The Dark Side of the Public Reaction to Ray Rice & Adrian Peterson

Anybody can become angry – that is easy, but to be angry with the right person and to the right degree and at the right time and for the right purpose, and in the right way – that is not within everybody’s power and is not easy.

Aristotle

I too am bothered by the Ray Rice and Adrian Peterson stories. My wife and I completed 40 hours of training as volunteer speakers at the Fargo/Moorhead Rape and Abuse Crisis Center. Our eyes were opened to the pervasiveness and destructiveness of abuse in our society. We did many projects for the Center, and I did many hours of consulting at no cost. I wrote several commentaries on emotional, physical, and sexual abuse. Rice and Peterson will pay a dear price for their actions.

I am also bothered by what feels like excessive, misplaced, and poorly expressed anger in some newspaper columnists, readers who comment on articles, and radio talk-show hosts and their callers. They come across as politically correct, self-righteous, harshly judgmental, and self-promoting:  “The more I damn Rice and Peterson, the better person I am.” Their rush to judge and to punish without due process, information, understanding of context, or a sense of proportion scares me. I have thought, “This is what a lynch mob is like.” I’ve been guilty of these things too.

Some feel upset that the team management didn’t instantly punish Peterson as they want him to be punished. People should break away from their paternalistic relationship with organizations and quit looking to owners and executives to meet their need to strike out.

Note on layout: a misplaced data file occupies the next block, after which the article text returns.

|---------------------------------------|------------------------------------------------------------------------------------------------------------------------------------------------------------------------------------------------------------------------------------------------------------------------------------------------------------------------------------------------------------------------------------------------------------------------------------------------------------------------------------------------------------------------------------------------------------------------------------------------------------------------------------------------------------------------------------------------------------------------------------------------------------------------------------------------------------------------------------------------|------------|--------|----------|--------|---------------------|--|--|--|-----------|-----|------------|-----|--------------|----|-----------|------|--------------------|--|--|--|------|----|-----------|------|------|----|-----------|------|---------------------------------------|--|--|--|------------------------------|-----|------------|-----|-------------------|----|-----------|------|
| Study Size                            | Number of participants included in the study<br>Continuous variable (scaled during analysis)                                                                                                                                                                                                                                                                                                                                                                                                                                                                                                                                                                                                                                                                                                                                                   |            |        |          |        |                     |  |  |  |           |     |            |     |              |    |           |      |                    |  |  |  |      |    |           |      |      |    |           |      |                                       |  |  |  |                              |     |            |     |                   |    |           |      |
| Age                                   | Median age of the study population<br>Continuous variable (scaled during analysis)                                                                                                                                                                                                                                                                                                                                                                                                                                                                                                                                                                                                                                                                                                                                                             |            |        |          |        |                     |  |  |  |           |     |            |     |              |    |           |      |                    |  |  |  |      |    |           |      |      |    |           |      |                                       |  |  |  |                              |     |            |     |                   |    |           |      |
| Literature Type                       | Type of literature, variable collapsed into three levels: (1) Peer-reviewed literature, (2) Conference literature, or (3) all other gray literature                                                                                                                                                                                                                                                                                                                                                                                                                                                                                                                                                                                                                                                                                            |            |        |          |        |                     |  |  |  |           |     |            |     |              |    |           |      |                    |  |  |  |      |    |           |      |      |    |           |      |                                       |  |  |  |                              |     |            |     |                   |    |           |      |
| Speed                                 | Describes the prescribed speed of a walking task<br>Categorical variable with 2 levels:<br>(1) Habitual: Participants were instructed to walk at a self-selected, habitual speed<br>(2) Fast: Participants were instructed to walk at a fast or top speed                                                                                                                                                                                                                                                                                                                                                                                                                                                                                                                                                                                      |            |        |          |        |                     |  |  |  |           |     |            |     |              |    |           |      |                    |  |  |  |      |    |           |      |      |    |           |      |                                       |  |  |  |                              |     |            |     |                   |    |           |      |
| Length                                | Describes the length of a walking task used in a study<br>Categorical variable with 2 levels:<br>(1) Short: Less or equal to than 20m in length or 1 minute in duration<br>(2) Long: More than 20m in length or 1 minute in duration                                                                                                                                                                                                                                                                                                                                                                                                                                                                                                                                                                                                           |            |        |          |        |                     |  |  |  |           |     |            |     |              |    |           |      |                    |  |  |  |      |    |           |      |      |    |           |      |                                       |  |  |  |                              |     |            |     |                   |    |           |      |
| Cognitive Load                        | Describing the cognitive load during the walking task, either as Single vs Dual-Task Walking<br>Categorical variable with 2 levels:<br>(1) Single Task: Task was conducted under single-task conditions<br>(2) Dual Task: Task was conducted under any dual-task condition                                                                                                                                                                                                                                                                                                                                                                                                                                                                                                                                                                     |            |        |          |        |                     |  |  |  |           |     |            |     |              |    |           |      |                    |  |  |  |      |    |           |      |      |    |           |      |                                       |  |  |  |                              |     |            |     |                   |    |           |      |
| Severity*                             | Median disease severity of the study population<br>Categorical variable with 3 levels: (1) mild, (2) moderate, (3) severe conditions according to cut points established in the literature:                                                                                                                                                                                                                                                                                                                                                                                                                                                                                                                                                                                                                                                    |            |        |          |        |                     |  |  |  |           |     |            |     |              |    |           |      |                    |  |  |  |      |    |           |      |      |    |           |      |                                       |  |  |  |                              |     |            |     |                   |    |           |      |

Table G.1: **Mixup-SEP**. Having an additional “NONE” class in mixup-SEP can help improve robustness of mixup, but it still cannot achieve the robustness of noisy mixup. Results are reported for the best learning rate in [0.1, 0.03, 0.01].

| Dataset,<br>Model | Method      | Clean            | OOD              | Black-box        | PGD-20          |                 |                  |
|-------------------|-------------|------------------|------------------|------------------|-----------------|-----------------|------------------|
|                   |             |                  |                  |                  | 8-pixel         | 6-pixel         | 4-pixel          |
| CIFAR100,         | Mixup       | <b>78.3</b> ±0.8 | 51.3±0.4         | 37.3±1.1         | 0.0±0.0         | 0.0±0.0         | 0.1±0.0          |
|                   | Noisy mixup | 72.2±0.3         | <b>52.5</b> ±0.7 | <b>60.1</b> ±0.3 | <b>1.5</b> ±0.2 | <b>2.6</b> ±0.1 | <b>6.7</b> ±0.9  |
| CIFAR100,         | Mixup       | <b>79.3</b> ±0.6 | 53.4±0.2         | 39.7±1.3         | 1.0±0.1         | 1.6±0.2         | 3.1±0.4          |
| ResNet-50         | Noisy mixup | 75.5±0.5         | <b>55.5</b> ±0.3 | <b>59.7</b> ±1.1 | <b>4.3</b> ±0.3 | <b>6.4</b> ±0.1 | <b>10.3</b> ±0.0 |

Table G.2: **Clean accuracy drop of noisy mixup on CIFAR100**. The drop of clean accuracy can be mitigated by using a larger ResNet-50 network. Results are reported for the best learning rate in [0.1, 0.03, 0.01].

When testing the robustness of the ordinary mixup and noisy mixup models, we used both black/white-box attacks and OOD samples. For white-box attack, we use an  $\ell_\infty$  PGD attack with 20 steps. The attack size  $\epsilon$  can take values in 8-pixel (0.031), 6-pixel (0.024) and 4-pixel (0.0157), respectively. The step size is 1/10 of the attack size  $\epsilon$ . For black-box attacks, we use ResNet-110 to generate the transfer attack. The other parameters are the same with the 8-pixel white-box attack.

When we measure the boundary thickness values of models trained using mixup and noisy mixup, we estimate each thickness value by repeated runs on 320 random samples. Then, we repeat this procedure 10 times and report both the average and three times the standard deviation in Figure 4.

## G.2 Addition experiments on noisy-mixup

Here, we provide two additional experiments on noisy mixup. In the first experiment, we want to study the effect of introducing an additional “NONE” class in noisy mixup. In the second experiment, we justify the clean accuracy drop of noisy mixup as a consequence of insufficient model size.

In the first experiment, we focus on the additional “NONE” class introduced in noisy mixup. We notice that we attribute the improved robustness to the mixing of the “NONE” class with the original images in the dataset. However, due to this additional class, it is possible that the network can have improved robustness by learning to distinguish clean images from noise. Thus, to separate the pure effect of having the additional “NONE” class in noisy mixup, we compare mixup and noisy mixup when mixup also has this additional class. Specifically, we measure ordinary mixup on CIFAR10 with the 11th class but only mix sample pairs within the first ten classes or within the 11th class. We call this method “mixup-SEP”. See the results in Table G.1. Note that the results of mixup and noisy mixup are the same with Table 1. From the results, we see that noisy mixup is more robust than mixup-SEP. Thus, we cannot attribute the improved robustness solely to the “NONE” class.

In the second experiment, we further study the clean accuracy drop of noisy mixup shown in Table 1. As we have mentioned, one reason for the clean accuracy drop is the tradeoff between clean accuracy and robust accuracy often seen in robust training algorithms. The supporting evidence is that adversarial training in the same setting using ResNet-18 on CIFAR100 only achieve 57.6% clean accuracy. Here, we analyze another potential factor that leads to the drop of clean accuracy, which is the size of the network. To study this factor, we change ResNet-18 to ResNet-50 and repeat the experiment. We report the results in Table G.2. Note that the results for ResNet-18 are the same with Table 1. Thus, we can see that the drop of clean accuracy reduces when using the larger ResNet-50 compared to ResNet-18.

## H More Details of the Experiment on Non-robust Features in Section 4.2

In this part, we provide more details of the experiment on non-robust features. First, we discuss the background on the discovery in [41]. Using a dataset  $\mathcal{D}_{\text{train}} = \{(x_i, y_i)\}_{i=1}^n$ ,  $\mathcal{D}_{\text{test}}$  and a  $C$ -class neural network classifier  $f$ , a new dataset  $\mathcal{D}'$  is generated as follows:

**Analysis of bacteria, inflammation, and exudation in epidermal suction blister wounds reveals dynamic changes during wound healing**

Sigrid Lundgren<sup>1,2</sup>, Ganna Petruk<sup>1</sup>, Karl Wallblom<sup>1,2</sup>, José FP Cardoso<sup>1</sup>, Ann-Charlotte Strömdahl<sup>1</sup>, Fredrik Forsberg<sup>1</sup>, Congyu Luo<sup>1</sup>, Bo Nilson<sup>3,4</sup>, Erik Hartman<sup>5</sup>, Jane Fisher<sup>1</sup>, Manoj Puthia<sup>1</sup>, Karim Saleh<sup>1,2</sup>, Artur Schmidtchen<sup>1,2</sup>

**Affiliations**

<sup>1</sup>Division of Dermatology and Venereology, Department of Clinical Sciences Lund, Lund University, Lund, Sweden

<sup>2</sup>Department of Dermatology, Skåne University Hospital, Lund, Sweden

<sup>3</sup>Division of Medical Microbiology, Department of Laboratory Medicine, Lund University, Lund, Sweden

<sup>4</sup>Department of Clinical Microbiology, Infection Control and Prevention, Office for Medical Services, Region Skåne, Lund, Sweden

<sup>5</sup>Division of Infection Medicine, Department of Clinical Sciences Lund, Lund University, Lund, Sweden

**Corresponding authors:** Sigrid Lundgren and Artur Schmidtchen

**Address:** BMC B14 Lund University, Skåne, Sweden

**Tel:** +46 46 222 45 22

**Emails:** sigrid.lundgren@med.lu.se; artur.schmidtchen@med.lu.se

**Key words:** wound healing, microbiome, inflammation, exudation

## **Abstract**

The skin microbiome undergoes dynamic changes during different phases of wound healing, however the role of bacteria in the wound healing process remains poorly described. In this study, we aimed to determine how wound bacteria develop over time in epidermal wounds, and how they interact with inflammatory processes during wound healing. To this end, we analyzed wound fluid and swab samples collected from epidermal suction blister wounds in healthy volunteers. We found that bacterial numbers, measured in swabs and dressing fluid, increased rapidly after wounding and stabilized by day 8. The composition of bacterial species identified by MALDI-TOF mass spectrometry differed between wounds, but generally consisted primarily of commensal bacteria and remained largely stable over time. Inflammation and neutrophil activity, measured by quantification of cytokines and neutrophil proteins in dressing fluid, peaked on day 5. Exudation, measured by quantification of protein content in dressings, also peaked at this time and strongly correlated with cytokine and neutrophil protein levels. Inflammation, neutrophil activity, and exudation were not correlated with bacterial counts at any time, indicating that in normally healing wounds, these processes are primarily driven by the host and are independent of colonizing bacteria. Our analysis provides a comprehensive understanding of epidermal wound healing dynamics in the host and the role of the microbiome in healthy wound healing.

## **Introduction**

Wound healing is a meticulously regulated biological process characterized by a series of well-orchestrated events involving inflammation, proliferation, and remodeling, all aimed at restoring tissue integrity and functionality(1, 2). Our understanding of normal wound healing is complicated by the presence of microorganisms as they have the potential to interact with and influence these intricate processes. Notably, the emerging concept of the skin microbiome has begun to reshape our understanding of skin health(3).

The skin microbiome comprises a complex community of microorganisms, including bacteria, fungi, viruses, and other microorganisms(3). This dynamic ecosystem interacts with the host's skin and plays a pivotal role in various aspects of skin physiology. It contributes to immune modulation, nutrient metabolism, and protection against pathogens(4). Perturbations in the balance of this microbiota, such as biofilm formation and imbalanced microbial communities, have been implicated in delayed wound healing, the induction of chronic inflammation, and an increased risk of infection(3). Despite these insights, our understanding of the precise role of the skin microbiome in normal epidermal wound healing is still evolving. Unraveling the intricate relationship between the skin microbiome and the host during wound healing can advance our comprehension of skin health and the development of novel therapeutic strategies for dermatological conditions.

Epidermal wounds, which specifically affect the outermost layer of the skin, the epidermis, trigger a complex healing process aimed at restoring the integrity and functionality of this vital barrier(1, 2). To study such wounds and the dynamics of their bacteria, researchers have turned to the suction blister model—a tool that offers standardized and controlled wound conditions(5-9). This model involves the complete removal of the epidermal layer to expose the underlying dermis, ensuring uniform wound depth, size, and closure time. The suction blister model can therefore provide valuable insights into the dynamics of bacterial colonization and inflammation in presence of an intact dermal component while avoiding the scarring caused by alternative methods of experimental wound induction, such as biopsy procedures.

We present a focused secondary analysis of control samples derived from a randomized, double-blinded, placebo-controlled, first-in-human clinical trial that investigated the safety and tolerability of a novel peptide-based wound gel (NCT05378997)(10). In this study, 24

These folks and the good people who remain silent might channel some of their anger in more constructive ways: People who condemn Peterson and the Viking’s management should live true to their own values, put their anger to constructive use, and do what they can to model their convictions: don’t go, watch, or listen to Viking games. Don’t buy team merchandise. Columnists might illuminate abuse and educate readers. Talk-show hosts could turn the spotlight on the emotional, physical, and sexual abuse that surrounds us just below the surface of our awareness.

All should get angry at the vast abuse that permeates our society, not just the celebrity cases.

And everyone should speak up when they witness abuse in the family, neighborhood, and workplace.

Chris Kluwe

Chris Kluwe used to be the punter for the Minnesota Viking.

Kluwe–intelligent, authentic, somewhat eccentric–openly and loudly advocated for gay marriage.

He was cut from the team. Was it because of his football performance or his outspokenness in the conformity driven NFL?

Kluwe accused an assistant coach of anti-gay slurs. The coach denied it. The team investigated. The coach admitted the slur when another player said he heard the words. The Vikings suspended the coach for three games.

Kluwe threatened to sue. The team agreed to contribute to gay rights groups over several years and all Vikings employees would get sensitivity training.

The lawsuit was dropped.

Kluwe had plenty of critics–in the media and in the masses.

It isn’t easy being a truth-teller who goes against the powerful organization and the entire NFL. Kluwe was verbally attacked. People questioned his motives. Critics used Kluwe’s own human mistakes against him to diminish his credibility. He won’t play again in the NFL.

Erase all the garbage and one fact remains: Chris Kluwe changed the world with his courage.

That’s more than his attackers can say.